First, a series of repeated-measures ANOVAs with 1 within-subject factor (time: CP at baseline, CP at 3-month follow-up) and 2 between-subject factors (treatment group, brain function) were conducted. Next, CP youth were classified as treatment responders versus nonresponders, operationalized as a drop in CBCL score of at least 0.5 standard deviation (T score
logistic regressions were used to examine main effect treatment, main effect of brain function and the interaction between treatment and brain function. For all analyses, significant interactions were probed and plotted.
Selective Attrition As described above, a total of 37 CP youth and 30 HC were excluded from analyses in the current dissertation. Excluded participants were compared to those participants included in the primary analyses in terms of all study variables. Analyses were conducted separately for CP youth and HC groups. In both groups, excluded participants were equivalent to study participants with one exception; excluded participants were more likely to be younger (CP: t(70)=4.72, p.01; HC: t(56)=2.81, p.01).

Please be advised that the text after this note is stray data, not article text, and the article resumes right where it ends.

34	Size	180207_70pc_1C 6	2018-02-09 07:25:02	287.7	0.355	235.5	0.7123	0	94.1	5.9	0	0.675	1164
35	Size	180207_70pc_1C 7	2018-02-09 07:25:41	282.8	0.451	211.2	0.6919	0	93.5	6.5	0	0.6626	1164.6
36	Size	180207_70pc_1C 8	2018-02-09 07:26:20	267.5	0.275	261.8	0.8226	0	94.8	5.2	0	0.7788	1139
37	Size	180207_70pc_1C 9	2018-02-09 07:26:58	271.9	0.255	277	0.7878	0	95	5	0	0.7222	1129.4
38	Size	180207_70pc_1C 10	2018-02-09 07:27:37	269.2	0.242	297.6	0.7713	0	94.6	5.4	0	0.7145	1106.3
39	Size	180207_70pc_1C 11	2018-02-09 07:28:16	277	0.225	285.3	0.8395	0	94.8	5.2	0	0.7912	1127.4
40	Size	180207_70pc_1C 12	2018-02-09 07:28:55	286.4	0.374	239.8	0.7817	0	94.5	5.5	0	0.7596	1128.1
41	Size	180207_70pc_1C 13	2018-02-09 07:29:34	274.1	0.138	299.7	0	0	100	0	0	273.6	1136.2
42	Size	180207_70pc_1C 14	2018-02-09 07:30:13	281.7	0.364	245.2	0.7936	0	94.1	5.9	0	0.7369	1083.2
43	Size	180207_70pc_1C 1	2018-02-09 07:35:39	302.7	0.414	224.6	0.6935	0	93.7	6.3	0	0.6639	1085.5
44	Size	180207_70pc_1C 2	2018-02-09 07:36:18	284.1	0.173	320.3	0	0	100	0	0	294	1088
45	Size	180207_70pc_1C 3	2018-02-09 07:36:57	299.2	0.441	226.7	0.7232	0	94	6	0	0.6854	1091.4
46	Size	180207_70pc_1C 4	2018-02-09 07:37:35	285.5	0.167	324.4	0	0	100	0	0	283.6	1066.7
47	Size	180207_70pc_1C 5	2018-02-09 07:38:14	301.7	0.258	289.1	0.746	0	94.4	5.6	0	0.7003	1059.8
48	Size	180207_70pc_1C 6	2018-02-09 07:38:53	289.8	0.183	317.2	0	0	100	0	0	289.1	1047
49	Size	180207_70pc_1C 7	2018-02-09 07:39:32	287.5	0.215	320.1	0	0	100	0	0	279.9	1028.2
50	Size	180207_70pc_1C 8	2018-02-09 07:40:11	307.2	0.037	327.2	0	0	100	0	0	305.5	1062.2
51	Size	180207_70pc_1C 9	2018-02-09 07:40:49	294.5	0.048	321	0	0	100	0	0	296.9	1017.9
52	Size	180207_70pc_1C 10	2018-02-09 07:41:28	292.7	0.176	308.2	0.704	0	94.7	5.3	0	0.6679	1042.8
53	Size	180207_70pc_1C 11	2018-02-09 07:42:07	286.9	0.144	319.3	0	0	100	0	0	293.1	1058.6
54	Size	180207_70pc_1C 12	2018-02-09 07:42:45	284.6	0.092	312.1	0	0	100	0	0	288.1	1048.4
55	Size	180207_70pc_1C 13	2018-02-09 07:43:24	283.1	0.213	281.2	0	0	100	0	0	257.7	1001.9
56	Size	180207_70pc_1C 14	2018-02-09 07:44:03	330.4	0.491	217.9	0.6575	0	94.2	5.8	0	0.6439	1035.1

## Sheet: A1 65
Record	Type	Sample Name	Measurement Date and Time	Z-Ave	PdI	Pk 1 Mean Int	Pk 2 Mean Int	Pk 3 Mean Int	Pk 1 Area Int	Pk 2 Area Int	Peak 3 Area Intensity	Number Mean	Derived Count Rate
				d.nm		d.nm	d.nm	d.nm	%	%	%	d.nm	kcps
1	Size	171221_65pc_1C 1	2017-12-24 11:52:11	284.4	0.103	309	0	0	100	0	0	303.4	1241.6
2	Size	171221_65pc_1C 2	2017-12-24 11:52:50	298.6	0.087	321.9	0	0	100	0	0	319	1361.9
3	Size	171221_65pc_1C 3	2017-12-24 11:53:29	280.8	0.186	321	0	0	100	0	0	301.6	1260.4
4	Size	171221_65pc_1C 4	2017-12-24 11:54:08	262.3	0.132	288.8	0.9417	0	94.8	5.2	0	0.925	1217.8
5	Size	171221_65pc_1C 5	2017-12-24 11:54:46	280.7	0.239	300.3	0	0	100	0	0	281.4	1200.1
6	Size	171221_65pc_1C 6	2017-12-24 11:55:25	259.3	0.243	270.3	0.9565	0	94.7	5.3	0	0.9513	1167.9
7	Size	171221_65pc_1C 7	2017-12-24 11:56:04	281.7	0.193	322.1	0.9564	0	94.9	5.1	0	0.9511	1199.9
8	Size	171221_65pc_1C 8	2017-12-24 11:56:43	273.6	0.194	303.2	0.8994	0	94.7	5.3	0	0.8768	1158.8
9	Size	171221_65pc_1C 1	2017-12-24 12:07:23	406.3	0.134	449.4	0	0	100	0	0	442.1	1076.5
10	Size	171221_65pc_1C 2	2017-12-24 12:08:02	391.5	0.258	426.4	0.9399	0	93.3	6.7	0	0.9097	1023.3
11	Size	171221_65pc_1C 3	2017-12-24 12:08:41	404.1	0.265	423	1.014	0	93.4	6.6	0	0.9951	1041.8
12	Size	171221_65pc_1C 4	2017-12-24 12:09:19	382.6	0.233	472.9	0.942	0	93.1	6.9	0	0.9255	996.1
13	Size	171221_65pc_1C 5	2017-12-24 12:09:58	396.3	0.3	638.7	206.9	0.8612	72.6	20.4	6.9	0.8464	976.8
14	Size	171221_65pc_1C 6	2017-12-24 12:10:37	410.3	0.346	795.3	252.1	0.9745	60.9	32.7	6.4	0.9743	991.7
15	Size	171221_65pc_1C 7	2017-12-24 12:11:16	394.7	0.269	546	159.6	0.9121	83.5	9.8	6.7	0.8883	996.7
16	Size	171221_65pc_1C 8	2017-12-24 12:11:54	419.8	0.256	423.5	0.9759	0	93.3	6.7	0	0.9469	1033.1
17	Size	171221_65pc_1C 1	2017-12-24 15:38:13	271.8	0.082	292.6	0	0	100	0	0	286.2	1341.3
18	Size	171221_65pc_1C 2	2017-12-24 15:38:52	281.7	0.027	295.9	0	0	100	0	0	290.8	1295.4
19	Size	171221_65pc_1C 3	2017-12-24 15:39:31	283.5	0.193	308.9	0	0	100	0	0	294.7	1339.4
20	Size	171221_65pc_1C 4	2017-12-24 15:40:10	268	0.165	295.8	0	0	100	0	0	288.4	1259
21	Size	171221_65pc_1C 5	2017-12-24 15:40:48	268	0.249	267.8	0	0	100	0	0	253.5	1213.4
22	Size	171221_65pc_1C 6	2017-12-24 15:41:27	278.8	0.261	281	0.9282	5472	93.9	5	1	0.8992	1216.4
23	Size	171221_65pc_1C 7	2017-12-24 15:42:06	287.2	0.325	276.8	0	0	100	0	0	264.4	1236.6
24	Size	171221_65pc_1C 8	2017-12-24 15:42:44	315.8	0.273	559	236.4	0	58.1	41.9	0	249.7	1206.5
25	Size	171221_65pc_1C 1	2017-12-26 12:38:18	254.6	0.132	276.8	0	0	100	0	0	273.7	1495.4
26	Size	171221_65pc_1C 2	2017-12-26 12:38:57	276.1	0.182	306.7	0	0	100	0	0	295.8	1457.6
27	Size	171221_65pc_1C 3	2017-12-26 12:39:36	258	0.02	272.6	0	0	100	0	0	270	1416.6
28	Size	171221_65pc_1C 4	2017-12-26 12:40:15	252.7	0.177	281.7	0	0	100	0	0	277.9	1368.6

Additional analyses were conducted to ensure that the subsample of CP youth was representative of the larger treatment sample. The current CP subsample was equivalent to the larger treatment study sample in terms of all study variables with one exception. Due to the fMRI substudy inclusion criteria, youth in the larger treatment sample were more likely to be younger than those CP youth in the current dissertation (t(255)=9.48, p.01).